Dracula: Some Interpretations
(See Dracula The Vampire and the Critics, ed. by Margaret L. Carter (London, ), to which all page references refer).
1. 'The two chief metaphorical connotations of the word [vampire] are: 1) a social or political tyrant who sucks the life from the people ... [and] 2) an irresistible lover who sucks away energy, ambition, or even life for selfish reasons.' Ernest Jones, 'On the Nightmare', 1931 (p. 151)
2. 'In common with almost all respectable Victorian novelists, Stoker avoids any overt treatment of the sexuality of his 'living' characters [who] are, both the men and the women, models of chastity. ... The sexual elements that presumably exist in their relationships are never revealed, much less discussed. However what is rejected or repressed on a conscious level appears in a covert and perverted form through the novel, the apparatus of the vampire superstition, described in almost obsess-anal detail in Dracula, providing the means for a symbolic presentation of human sexual relationships.' Christopher Bentley, 'Sexual Symbolism in Dracula', 1972 (p. 26)
3. 'On the surface the novel appears to be a mythic re-enactment of the opposition between Good and Evil because the narrators attribute their pursuit and ultimate defeat of Dracula to a high moral purpose ... Yet, in spite of the narrators' moral language, Stoker reveals that Dracula is primarily a sexual threat, a missionary of desire whose only true kingdom will be the human body. ... Neither a thief, rapist, nor an overtly political threat, Dracula is dangerous because he expresses his contempt for authority in the most individualistic of ways - through his sexuality. In fact his thirst for blood and the manner in which he satisfies his thirst can be interpreted as sexual desire which fails to observe any of society's attempts to control it - prohibitions against polygamy, promiscuity, and homosexuality.' Carol A. Senf, 'Dracula: The Unseen Face in the Mirror', 1979 (pp. 94)
4. 'Its underlying misogyny is the real heart of Dracula. ~.. Stoker's gothic is quintessentially Victorian: the worst horror it can imagine is not Dracula at all, but the released, transforming sexuality of the Good Woman.' Gail B. Griffin, 'Dracula and the Victorian Male Sexual Imagination', 1980 (p. 148).
5. 'For both the Victorians and twentieth-century readers, much of the novel's great appeal derives from its hostility toward female sexuality. ... The female vampires are equivalent to the fallen women of eighteenth and nineteenth century fiction. .. Perhaps nowhere is the dichotomy of sensual and sexless woman more dramatic than it is in Dracula and nowhere is the suddenly sexual woman more violently and self-righteously persecuted than in Stoker's "thriller"'. 'Vampirism ... is equivalent to sexuality. Moreover, in psychoanalytic terms, the vampirism is a disguise for greatly desired and equally strongly feared [Oedipal] fantasies - ['parricide' and, chiefly for this critic, 'matricide']. ... Dracula acts out the repressed fantasies of the other characters, who wish to do what he can do.' Phyllis A. Roth, 'Suddenly Sexual Women in Dracula', 1977 (pp. 57-8, p. 61).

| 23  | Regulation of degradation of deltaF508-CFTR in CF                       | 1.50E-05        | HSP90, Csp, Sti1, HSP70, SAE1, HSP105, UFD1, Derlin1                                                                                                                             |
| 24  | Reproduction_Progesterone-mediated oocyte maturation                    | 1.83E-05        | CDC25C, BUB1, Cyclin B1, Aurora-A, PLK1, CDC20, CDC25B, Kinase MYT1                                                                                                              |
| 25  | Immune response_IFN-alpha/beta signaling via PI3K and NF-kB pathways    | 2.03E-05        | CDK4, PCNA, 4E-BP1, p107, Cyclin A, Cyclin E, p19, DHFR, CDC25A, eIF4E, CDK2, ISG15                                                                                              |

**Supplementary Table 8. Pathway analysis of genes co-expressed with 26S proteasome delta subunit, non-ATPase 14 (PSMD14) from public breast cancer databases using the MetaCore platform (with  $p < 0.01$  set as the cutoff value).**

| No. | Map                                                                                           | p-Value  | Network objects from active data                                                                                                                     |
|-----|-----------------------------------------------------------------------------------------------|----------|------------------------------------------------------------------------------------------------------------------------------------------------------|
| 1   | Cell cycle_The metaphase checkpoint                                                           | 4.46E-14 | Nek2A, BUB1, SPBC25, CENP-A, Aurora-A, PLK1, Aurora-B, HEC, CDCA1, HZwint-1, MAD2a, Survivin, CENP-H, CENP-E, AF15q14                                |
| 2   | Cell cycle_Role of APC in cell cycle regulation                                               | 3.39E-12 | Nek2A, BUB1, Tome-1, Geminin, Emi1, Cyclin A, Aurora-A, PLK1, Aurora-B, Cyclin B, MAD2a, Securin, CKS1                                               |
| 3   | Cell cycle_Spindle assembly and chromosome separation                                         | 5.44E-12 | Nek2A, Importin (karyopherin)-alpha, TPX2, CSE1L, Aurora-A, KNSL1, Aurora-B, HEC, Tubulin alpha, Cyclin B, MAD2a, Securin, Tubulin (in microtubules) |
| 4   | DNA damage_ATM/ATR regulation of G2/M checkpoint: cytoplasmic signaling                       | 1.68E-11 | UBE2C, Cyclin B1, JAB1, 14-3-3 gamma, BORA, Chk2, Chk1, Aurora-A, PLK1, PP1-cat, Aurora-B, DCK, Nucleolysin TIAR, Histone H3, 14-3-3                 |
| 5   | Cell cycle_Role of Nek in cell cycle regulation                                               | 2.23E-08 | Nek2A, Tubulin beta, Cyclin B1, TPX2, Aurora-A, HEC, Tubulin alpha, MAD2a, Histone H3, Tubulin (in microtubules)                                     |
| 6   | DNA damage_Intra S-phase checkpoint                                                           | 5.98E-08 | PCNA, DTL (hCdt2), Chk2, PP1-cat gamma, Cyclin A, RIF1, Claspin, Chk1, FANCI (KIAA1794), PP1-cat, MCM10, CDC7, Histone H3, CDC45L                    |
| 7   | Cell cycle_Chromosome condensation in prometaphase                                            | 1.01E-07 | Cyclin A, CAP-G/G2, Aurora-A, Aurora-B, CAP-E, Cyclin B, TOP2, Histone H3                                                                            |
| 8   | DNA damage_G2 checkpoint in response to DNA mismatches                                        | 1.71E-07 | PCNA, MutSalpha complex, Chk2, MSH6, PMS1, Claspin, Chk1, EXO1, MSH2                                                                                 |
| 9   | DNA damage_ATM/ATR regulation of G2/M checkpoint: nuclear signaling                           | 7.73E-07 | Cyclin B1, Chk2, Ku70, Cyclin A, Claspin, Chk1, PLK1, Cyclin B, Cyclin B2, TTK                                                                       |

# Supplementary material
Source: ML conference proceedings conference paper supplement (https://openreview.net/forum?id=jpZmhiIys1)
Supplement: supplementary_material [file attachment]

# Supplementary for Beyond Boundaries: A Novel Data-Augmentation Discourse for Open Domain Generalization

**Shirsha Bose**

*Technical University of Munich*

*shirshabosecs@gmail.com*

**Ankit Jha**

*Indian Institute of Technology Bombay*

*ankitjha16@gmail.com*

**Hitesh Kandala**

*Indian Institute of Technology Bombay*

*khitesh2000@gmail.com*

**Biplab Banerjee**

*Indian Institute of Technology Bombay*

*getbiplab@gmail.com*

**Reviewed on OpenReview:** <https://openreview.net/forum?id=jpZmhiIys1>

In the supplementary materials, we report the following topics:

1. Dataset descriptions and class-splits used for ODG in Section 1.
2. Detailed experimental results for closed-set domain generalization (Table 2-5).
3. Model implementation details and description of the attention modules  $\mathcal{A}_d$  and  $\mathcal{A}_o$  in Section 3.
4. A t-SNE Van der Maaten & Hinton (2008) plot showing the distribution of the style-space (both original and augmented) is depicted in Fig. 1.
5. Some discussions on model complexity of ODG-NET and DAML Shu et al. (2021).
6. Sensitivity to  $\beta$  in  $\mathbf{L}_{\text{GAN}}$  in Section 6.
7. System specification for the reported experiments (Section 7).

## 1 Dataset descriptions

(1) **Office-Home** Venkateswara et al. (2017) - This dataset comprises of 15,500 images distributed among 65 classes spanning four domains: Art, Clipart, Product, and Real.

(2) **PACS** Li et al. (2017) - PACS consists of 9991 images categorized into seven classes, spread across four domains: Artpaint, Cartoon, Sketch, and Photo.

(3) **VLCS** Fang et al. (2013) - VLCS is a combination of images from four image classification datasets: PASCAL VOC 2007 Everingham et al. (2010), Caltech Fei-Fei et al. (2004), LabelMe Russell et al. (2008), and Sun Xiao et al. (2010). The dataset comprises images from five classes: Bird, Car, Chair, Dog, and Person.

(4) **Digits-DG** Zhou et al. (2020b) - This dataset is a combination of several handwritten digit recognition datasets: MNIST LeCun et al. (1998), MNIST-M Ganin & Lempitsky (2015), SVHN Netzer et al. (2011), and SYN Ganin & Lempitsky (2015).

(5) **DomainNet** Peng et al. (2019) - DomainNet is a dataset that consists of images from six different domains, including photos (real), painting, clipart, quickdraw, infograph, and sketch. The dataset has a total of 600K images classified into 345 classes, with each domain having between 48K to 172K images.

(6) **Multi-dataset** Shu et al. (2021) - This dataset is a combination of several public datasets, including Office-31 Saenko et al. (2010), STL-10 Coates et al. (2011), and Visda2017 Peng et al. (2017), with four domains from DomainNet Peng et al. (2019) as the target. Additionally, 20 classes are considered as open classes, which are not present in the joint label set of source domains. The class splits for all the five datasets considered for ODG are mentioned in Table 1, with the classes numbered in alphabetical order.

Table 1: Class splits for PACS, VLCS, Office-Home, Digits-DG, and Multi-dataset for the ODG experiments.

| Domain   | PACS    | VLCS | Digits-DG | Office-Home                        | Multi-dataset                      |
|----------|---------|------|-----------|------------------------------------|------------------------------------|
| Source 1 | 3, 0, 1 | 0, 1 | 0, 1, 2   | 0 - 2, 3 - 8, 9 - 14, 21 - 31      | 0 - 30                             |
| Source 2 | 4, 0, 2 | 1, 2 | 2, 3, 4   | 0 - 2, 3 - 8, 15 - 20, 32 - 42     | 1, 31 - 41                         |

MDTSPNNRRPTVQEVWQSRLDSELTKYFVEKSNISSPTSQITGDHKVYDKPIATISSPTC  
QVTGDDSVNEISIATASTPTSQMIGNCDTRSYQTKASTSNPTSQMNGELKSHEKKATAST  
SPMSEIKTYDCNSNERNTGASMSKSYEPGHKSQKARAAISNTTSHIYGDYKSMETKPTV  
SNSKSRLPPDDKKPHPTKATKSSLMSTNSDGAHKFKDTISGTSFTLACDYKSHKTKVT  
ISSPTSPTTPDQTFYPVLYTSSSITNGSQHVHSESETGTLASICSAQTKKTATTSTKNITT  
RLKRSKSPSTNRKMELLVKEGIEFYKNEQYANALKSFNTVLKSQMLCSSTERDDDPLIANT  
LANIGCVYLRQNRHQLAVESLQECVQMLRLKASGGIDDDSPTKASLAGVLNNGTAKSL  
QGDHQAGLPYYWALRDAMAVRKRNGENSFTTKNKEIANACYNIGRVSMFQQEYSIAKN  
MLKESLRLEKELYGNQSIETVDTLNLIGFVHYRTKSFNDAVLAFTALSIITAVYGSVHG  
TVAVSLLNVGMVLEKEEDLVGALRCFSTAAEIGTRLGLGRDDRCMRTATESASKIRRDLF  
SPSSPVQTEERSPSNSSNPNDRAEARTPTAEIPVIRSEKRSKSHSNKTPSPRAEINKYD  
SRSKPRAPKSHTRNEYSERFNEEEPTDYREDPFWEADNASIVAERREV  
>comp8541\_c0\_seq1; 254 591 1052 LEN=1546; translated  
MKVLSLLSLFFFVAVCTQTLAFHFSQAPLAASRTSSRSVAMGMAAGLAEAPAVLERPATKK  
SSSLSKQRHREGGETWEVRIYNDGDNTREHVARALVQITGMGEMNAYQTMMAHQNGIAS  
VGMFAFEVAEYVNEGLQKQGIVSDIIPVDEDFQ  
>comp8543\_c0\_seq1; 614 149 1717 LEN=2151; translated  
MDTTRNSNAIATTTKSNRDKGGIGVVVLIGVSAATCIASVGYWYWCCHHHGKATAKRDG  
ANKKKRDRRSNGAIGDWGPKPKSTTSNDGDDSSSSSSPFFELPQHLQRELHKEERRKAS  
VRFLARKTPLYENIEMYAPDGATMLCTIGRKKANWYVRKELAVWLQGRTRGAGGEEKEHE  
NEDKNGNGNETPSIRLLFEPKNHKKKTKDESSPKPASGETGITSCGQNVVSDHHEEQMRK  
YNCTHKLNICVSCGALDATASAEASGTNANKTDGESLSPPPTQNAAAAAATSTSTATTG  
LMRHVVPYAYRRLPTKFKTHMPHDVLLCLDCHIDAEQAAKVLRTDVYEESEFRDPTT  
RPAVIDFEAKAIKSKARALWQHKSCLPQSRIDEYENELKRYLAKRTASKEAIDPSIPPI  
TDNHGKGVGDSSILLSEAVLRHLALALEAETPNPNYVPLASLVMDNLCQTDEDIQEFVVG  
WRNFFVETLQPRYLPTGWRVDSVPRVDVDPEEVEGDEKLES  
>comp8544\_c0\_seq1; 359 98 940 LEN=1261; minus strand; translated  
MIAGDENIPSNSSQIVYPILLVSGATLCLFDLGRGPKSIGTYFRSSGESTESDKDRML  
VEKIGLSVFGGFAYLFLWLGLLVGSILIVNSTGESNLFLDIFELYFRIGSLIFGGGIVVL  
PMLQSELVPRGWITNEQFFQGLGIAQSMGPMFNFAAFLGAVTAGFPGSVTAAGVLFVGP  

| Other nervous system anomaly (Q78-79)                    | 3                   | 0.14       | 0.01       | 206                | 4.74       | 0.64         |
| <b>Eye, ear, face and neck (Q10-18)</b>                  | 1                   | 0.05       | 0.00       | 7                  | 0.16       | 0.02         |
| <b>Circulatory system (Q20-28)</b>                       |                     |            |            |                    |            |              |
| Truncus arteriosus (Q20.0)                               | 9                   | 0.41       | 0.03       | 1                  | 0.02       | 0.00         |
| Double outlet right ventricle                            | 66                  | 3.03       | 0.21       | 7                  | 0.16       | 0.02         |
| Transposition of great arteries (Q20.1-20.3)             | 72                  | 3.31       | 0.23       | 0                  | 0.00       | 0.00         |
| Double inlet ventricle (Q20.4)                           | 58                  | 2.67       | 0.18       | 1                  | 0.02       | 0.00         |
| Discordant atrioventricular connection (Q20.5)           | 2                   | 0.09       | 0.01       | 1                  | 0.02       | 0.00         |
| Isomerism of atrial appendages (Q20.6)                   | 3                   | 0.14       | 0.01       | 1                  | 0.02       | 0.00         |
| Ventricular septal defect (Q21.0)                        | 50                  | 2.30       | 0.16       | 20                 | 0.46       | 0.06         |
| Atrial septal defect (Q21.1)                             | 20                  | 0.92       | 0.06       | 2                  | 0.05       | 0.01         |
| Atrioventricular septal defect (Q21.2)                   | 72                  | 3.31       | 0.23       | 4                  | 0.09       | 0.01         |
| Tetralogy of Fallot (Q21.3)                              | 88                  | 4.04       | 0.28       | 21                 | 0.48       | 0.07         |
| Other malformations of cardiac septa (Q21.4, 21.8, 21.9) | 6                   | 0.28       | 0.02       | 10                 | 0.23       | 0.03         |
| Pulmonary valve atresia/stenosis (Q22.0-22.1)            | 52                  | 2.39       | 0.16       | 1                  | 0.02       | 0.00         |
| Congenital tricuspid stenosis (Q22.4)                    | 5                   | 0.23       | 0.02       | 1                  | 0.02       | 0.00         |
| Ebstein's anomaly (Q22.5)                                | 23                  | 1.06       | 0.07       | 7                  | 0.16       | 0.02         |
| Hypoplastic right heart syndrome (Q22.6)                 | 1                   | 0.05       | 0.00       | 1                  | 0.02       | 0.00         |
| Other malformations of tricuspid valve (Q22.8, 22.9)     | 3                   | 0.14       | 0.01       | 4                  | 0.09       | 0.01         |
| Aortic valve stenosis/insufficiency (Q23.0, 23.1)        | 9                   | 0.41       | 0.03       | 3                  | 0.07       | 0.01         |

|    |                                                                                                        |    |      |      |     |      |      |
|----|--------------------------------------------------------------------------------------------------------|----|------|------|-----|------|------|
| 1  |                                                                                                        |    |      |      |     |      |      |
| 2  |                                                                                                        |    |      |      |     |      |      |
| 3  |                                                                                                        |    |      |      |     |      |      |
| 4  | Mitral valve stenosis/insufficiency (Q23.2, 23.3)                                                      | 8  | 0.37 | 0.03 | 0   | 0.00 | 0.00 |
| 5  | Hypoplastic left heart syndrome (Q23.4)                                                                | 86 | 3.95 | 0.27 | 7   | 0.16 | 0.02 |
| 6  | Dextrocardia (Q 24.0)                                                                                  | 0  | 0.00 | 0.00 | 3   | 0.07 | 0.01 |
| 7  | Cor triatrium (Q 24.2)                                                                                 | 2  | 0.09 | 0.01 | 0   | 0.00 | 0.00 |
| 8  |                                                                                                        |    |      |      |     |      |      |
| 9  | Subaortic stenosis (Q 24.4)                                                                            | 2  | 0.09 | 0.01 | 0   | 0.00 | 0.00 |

6. 'Count Dracula represents those forces in Eastern Europe which seek to overthrow, through violence and subversion, the more progressive democratic civilisation of the West. ... While on the surface Stoker's Gothic political romance affirms the progressive aspects of English and Western society, its final effect is to warn the twentieth century of the dangers which face it. ... Technological progress, having cut humanity off from the old superstitious, dark knowledge, makes itself increasingly vulnerable to the demonic powers like the vampire, for, having written them off as unreal, civilised man has no defence against them.' Richard Wasson, 'The Politics of Dracula, 1966 (pp. 19-23).
7. 'In the figure of Dracula, Stoker created an image of "otherness". ... Dracula is physically "other": the dark, unconscious, the sexuality that Victorian England denied. ... He is also culturally "other": a revenant from the ages of superstition ... But more significantly he is socially "other": the embodiment of all the social forces that lurked just beneath the frontiers of Victorian middle-class consciousness, everything that was socially "other" to the Victorian bourgeoisie. He represents all dark, foreign (i.e. non-English) races; all 'dark', foreign (i.e. non-bourgeois) classes; and (paradoxically) the 'dark', exotic aristocracy, which, though moribund, might suddenly revive. ... It is 'otherness' itself, all that bourgeois society has repudiated, that Dracula represents - the psychically repressed and the socially oppressed.' Burton Hatlan, 'The Return of the Repressed/Oppressed in Bram Stoker's Dracula', 1980 (pp. 120-131).
8. 'Dracula is, of course, a morality play. Forces of good and evil, clearly identified, clash until the climax and final destruction of the dread vampire. If the evil is more suave and seductive - more intelligent and attractive - than is the devil in medieval morality dramas, that may be simply an expression of modern sophistication.' Christopher Gist Raible, 'Dracula: Christian Heretic', 1979 (pp. 105
Consider these interpretations in relation to the novel as a whole and more specifically in relation to the following passages: Harker's near-seduction by the three vampiric women (Oxford, pp. 37-8, end of Chapter 3); the destruction of Lucy (pp. 210-16, Chapter 16); the Mina/Dracula 'blood-sucking' scene (pp. 281-4, Chapter 21).
Some basic questions:
What do we learn about Dracula? Who or what is he?
Who is Van Helsing? Does he represent anything?
Mina? Is she simply the archetypal English virginal heroine, the "angel by the hearth"? And what do we learn about her relationship with Harker?
Finally, what are we to make of Lucy and her suitors?
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